Books and Products to Consider
In this series of articles, we'll look at the possibilities for choosing a curriculum. I'll warn you I have only used government homeschooling and a homemade curriculum. I've never purchased a packaged program, so I don't have much experience with that. I will make suggestions for choosing one and then lead you to a place where you can learn from someone with more experience.
If you have late summer to prepare, most larger areas have homeschool fairs that allow you to look at curricula and to ask questions. You can also attend some classes at most of them, although they're normally aimed at permanent homeschoolers.
Thanks to the Internet, you can also find lots of curricula resources online. There are many out there that are very good and there are some that are absolutely awful, even though they are advertised everywhere. You really need to do your homework.
To find out about a curricula, go to Google and put in the name of the program in quotation marks: "Homeschool Miracle Curriculum." (I made up that name, so I hope there isn't a real one called that.)
That makes Google only search for the entire name. Read reviews. If you don't get reviews, add the word reviews after the last quotation mark. Now, just to be really safe, erase reviews and put in scam. Read what comes up carefully. There are scam artists in the homeschooling world just as there are anywhere else. You might also try using the term lawsuit to see if the makers of the curriculum have ever been sued.. Find out the person who owns the curriculum and put that person's name in as well. Find out what kind of person is behind the program. Then look for a homeschool forum that welcomes temporary homeschoolers, or post on my blog, and ask if anyone knows anything about the ones you're interested in. Of course, even a good program will have people who don't like it--people are more likely to complain than to praise. But it's a starting point for your decision.
No curriculum is right for every child or teacher. What doesn't work for one child might be perfect for another, so study why people don't like it. If they say it requires too much teacher preparation and you like to prepare, that's not a negative for you. (I would be bored with a program that required nothing of me, but some parents want a program that does it all.) Even a bad review can convince you it's just what you're looking for.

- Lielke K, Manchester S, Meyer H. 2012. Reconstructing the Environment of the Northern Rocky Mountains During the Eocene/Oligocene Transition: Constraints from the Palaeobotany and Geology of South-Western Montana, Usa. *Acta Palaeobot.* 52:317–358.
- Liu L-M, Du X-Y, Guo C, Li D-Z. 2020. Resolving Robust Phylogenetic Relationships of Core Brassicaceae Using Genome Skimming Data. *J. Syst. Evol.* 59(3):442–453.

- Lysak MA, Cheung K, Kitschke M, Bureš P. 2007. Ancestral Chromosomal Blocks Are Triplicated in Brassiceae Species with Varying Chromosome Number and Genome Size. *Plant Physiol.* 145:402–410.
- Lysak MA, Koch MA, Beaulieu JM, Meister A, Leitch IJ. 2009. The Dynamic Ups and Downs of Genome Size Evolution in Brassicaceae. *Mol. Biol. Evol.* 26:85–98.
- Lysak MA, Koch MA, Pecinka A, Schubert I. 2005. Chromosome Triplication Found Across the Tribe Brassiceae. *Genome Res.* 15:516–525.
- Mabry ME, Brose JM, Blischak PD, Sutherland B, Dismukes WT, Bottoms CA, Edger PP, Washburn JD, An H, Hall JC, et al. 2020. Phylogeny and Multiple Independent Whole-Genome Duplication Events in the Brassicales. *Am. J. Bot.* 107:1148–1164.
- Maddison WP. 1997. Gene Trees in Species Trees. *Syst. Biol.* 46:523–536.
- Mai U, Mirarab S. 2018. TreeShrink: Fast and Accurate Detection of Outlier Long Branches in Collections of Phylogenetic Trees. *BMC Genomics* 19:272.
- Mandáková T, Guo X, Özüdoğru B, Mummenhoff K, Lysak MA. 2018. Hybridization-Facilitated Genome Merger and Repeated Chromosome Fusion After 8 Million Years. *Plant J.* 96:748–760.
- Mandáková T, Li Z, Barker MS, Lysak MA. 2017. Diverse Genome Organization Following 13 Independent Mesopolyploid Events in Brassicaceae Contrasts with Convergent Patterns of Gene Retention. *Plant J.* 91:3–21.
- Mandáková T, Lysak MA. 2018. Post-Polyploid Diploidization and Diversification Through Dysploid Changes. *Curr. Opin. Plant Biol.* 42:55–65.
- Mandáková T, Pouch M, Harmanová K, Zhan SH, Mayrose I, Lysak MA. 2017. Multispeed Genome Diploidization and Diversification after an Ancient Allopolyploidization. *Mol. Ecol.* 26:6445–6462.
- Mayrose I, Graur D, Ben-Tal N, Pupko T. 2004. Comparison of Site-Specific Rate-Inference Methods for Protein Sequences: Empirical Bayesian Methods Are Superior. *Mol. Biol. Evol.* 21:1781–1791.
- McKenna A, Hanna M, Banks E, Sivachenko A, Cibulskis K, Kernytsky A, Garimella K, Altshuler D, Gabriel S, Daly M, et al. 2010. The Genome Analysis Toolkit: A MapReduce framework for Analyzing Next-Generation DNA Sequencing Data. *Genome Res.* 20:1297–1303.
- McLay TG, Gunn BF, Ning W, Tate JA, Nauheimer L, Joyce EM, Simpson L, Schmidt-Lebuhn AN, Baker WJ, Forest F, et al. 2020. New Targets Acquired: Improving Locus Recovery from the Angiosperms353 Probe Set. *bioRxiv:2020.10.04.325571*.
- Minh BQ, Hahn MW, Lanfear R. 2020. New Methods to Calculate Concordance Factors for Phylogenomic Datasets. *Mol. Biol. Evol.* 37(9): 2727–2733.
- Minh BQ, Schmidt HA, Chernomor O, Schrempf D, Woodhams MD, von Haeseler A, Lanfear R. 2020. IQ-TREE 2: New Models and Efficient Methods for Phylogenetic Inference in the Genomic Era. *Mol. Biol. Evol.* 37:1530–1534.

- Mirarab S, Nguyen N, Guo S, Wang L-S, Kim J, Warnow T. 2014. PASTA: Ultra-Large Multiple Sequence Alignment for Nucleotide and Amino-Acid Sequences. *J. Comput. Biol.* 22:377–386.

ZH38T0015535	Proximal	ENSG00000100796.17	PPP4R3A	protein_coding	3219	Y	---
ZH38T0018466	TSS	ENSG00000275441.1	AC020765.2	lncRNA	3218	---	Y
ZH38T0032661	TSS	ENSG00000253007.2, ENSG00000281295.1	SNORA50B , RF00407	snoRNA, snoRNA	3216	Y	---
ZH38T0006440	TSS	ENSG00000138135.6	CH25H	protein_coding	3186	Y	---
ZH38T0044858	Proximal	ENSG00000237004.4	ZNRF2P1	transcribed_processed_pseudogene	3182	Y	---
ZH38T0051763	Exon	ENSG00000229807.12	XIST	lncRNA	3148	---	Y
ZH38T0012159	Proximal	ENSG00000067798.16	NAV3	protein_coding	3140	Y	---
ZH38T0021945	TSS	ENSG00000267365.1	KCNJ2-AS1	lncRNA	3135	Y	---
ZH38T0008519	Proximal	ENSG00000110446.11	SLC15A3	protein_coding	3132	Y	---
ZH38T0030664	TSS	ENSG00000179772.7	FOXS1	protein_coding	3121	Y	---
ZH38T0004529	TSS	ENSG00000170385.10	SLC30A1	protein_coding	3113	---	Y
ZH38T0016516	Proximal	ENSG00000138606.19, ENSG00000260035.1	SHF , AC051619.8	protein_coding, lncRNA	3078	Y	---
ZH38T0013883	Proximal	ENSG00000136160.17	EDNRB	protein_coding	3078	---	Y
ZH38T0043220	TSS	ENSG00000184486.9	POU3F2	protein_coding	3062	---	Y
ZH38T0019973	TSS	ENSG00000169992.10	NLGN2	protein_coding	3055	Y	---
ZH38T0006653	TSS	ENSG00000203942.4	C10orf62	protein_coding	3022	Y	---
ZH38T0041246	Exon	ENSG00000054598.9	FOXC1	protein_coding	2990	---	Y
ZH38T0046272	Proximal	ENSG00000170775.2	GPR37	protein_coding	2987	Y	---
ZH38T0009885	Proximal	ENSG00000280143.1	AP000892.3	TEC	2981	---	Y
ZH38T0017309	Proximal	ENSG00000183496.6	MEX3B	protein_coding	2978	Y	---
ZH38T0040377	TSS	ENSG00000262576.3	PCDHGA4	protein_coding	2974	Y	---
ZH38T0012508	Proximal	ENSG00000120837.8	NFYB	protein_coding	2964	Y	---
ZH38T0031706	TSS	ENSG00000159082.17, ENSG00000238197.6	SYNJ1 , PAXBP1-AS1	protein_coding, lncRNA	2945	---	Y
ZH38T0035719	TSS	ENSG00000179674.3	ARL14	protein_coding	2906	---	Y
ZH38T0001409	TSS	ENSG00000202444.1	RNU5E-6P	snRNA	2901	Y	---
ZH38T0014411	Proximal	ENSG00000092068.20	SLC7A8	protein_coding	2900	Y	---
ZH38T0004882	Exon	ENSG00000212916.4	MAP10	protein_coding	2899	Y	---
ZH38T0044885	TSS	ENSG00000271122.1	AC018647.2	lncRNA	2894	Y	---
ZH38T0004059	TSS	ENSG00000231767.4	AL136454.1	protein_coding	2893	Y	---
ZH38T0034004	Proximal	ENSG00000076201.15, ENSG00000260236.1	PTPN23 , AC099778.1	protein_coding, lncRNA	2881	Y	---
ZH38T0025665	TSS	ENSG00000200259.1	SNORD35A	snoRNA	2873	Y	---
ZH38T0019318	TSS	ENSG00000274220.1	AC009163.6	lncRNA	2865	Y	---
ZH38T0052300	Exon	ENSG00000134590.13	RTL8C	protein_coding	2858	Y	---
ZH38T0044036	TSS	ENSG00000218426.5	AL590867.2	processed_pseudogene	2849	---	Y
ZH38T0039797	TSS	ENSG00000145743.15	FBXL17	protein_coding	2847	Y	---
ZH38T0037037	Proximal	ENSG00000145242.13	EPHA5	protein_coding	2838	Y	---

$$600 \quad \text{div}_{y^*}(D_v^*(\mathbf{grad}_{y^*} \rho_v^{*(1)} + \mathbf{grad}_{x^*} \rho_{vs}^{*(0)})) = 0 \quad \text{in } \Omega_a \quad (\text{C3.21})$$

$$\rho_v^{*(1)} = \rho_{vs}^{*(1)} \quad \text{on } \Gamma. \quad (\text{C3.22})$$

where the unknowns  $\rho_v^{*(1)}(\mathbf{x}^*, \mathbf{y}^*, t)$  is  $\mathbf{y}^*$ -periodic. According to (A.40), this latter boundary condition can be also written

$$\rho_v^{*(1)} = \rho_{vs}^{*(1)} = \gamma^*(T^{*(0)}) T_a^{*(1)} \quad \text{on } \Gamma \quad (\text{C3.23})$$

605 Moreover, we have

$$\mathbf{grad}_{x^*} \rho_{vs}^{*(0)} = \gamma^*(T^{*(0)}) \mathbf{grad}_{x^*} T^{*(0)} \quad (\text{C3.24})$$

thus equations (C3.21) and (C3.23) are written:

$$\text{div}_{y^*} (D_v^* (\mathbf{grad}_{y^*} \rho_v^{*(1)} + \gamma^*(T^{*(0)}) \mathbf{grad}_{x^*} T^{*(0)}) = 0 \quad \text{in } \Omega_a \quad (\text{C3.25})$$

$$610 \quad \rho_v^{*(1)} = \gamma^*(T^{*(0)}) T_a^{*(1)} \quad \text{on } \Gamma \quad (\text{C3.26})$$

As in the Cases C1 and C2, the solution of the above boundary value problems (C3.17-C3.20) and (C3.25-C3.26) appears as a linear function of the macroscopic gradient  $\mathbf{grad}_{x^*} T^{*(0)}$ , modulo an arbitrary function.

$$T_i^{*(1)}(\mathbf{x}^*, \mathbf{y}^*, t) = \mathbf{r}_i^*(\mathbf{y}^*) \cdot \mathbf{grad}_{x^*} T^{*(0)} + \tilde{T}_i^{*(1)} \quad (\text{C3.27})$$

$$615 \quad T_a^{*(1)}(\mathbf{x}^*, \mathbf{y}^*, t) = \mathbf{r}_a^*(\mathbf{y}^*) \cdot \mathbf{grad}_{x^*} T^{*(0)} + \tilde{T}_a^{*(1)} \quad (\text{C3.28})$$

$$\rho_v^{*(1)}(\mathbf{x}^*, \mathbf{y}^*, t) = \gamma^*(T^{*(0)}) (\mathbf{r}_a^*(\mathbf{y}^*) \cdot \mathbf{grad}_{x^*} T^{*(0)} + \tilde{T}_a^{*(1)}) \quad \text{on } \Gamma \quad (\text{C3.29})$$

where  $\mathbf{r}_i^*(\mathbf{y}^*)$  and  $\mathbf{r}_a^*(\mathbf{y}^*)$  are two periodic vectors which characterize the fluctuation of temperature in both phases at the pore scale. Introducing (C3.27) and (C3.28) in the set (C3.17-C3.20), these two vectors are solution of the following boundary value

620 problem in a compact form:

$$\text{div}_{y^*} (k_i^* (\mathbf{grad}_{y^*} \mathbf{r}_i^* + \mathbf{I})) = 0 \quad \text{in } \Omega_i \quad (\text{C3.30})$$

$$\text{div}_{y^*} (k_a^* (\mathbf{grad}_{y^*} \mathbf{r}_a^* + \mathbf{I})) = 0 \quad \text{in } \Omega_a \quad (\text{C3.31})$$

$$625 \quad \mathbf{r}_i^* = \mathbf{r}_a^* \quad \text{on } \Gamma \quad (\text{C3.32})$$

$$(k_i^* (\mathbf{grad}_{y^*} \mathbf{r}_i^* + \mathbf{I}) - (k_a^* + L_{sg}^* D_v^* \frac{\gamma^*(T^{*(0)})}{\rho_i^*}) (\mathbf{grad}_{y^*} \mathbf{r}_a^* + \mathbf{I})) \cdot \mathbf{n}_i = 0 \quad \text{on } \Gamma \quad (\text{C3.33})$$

Here is a site that has reviews by regular parents of various curriculum programs.
I listed a book in the right-hand column that might help, too. Cathy Duffy's book is very popular.
You're looking for a program that is well-reviewed, but also one that fits your needs. Some require a lot of work or knowledge on your part and some don't. For instance, I've heard Saxon math is boring, but parent-proof, meaning you personally don't need to be good at math to use it. I've never used them, so I'm just going by what I've heard, but one good thing about them is that they are sold by Barnes and Noble. My local one carries it right in the store during back-to-school season, although not the rest of the year. But it is available on the Barnes and Noble website all year. I'm adding a listing for one of their programs at the bottom of the article.
You need one that is right for your child. Some children (and parents) want a lot of hands-on work. Some just want drill-and-practice. You'll need to decide what kind of schooling you want to do. There are a lot of worksheet curricula; hands-on is harder to find.
Now let's look at the government homeschooling option, which is popular with temporary homeschoolers and not so much with permanent homeschoolers.
I've heard it said that Saxon is parent-proof (Dull, but parent-proof.) I'd have used it if I'd heard of it and then supplemented with fun activities.